Lately I've been wondering if a sort of grandfatherly approach to things would work out. "You say you want your front yard, but you complain every weekend of having to cut it? Are you sure this is what you want - are you open to other ideas?" "Why do you vacation to Italy or Spain? What, aside from cultural differences, does life there provide? Does it feel different to walk there? When was the last time you walked at home for an errand? Would you want to try some of these ideas out, such as zero lot lines and a focus on the street, in your area?"
    Last edited by abrowne; 11 Jul 2005 at 6:53 PM.

  7. #7
    Quote Originally posted by mike gurnee
    It takes all of us working together.
    Amen to that. Humans are interdependent beings. Politicians, planners, developers, architects, citizens, academics, etc. -- it takes all of us.

  8. #8
    Cyburbian PlanBoston's avatar
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    Quote Originally posted by mike gurnee
    "A responsible consultant, working for a responsible client, in a community with a responsible set of codes and processes, will do the responsible thing. Be weak in one of those areas and...well, you know what you get."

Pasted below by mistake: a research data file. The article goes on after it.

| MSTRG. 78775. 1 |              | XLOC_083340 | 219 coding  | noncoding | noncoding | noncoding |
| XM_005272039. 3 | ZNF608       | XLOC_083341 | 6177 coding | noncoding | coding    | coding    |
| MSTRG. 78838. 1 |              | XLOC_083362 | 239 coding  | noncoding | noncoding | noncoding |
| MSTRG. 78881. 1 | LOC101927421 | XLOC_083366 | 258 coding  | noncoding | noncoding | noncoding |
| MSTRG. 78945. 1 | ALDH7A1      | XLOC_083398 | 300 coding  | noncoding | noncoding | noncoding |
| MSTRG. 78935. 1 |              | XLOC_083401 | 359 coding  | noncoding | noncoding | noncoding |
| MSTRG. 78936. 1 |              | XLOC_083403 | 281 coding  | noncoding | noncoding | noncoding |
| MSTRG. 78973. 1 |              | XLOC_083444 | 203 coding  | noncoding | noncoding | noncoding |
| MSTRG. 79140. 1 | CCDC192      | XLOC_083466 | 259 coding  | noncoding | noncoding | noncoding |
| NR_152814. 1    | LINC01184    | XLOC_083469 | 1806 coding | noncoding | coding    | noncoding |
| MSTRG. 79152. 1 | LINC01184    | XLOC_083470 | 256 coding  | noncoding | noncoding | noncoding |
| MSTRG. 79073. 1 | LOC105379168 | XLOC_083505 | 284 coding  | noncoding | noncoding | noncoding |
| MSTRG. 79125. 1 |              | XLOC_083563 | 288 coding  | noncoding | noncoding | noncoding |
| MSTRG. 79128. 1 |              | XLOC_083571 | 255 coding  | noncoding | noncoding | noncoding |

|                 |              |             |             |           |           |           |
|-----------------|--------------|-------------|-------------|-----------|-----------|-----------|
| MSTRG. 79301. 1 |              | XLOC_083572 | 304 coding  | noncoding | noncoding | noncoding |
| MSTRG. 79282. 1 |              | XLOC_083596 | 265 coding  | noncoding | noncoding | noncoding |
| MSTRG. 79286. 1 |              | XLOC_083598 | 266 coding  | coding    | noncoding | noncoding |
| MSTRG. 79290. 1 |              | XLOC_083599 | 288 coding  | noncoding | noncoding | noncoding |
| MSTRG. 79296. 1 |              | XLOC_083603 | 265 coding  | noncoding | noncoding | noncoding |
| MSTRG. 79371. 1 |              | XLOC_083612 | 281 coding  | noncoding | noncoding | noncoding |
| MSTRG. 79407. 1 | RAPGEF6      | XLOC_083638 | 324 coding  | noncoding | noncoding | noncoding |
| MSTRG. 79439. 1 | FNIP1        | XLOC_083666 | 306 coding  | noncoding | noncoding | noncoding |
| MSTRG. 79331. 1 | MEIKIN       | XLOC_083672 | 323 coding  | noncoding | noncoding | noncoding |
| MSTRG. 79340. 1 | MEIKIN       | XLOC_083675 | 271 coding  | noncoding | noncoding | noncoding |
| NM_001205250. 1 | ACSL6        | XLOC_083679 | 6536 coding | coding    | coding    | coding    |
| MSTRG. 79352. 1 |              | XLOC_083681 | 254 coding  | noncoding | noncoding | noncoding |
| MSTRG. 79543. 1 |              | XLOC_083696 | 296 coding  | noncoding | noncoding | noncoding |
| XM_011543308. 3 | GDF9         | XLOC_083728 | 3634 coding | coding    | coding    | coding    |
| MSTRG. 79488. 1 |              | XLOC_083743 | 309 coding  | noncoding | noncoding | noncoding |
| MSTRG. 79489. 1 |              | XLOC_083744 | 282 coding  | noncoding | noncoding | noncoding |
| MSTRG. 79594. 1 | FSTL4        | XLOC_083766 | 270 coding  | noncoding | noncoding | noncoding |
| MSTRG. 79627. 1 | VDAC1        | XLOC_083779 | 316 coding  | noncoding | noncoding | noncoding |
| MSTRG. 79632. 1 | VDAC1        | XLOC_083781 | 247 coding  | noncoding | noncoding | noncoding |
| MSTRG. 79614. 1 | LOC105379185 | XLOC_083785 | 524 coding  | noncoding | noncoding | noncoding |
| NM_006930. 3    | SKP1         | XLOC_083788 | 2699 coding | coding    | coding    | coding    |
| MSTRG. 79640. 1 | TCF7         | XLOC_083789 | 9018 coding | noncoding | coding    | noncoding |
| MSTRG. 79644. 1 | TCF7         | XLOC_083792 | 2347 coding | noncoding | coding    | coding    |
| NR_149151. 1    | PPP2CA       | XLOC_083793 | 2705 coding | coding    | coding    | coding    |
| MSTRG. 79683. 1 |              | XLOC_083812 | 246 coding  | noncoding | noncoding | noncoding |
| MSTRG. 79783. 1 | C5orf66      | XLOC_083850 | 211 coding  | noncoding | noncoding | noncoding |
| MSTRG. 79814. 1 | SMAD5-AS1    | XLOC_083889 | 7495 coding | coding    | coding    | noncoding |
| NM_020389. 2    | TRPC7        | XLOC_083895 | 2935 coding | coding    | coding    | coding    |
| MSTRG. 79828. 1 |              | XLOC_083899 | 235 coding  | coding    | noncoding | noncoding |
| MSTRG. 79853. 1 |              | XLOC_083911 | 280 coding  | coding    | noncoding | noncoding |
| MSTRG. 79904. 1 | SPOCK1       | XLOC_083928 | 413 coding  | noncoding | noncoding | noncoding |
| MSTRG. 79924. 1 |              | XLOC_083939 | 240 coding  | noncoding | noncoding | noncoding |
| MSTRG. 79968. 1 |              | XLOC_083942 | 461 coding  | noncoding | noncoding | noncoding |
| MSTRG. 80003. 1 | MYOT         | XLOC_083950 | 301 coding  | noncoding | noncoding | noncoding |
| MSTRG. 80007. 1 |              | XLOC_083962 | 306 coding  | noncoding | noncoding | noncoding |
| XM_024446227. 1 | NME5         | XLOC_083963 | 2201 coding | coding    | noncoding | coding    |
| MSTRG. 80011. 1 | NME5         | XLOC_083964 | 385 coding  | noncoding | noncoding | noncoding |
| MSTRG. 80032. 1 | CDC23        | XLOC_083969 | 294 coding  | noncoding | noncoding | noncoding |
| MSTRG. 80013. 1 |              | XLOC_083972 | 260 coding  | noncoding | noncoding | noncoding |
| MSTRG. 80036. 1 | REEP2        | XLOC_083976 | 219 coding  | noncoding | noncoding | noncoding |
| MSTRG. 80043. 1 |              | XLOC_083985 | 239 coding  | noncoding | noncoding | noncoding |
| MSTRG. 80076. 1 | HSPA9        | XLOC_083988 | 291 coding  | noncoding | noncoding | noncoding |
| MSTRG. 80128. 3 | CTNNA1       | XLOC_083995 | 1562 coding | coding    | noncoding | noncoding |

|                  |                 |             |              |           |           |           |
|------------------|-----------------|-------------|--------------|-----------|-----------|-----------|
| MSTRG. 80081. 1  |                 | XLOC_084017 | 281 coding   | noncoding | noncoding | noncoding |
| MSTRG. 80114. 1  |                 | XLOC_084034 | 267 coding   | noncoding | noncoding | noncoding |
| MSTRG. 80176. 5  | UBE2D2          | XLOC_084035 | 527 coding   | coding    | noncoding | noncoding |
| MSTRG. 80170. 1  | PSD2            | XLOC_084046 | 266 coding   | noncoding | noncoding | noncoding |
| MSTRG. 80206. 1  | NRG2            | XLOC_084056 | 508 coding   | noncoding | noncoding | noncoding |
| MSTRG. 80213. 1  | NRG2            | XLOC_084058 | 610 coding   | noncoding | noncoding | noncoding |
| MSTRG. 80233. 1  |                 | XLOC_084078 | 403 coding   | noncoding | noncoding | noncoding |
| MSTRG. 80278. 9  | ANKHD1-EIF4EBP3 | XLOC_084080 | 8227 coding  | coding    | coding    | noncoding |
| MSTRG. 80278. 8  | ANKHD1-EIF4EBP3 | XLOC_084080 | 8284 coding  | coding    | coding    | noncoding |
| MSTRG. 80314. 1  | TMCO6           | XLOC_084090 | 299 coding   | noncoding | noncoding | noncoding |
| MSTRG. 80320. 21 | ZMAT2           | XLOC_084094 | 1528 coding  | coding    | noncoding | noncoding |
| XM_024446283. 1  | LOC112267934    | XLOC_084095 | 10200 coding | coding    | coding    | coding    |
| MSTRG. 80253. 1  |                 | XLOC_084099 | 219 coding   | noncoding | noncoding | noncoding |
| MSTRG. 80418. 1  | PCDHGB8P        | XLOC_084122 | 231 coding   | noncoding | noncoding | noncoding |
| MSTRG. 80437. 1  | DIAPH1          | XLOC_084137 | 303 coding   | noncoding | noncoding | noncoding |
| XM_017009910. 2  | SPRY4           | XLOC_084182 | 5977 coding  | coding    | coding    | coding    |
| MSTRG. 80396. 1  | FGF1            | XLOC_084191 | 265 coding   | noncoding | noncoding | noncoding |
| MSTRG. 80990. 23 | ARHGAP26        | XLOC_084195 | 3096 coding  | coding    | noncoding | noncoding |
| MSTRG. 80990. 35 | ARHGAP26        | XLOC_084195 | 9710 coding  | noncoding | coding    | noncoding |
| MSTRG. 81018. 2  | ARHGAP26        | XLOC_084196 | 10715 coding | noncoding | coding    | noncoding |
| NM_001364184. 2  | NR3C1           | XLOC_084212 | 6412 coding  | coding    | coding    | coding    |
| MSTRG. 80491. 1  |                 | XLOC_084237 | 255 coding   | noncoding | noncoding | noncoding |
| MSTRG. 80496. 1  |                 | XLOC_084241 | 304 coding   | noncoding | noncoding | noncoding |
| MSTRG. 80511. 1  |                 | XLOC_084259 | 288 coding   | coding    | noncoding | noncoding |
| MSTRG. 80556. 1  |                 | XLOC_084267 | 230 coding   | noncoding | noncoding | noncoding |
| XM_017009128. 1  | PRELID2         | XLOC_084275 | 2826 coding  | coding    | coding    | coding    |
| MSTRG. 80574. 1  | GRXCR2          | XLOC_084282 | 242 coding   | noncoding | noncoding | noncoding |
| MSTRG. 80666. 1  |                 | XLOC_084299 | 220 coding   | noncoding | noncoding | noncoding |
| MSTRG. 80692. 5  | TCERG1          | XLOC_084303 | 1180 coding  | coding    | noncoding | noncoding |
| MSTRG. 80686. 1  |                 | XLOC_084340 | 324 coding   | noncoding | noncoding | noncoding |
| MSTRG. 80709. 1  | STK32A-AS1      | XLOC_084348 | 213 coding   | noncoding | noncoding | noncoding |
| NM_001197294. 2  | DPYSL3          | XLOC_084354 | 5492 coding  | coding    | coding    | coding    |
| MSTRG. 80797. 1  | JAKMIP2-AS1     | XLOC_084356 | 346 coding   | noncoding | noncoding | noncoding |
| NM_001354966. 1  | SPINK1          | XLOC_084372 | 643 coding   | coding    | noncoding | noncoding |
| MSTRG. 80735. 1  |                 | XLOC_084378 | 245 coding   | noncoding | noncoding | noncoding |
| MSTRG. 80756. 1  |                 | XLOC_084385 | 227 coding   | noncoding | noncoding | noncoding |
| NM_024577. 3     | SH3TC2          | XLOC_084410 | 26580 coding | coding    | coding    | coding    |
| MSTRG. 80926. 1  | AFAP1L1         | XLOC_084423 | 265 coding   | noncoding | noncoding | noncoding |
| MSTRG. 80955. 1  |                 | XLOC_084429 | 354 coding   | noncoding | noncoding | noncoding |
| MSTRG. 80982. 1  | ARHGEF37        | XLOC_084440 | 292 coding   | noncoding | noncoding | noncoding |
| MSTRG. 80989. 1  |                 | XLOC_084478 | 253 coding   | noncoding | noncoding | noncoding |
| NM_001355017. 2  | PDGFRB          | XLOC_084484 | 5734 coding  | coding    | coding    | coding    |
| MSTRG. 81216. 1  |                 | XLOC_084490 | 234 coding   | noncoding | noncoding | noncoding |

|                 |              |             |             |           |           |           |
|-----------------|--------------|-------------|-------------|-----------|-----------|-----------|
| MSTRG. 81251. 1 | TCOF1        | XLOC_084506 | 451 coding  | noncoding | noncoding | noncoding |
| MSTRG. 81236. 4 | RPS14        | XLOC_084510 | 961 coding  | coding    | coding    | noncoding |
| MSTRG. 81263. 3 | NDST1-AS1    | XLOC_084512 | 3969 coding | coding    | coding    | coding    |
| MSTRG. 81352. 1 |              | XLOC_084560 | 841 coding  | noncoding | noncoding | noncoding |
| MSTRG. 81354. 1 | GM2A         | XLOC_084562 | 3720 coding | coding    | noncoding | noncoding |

This statement is both inspirational and incredibly idealistic. It assumes the “client”, or developer is truly interested in building a good urban form; and that the community’s codes and processes are above and beyond the Draconian zoning of most localities.

    The reality is that developers take the path of least resistance. They build within the zoning codes because it’s a lot easier than challenging them. Additionally, it’s much easier to finance a project that is a carbon copy of everything else out there. While some developers understand the public’s desire for richer environments, they typically respond within the existing regulatory environment; which is why junk like “lifestyle centers” is appearing in suburbia.

    Unfortunately I don’t see academics in this equation at all. They have no power to initiate or guide specific development projects. Furthermore, academia as a whole is still stuck in the planner as bureaucrat vs. architect as artistic genius (with little regard for construction economics) model. Until programs are established that integrate sound planning practices (not zoning), project design that is responsive to the surrounding built environment, and the economics of real estate development; the academic community will remain largely ineffective in changing the status quo.

    I agree that a solid Master Plan SHOULD be at the center of the three perspectives, but the political reality leaves even the most progressive thinking planning officials little room to deviate from existing regulations. Change, even when it is for the best, is politically unpopular.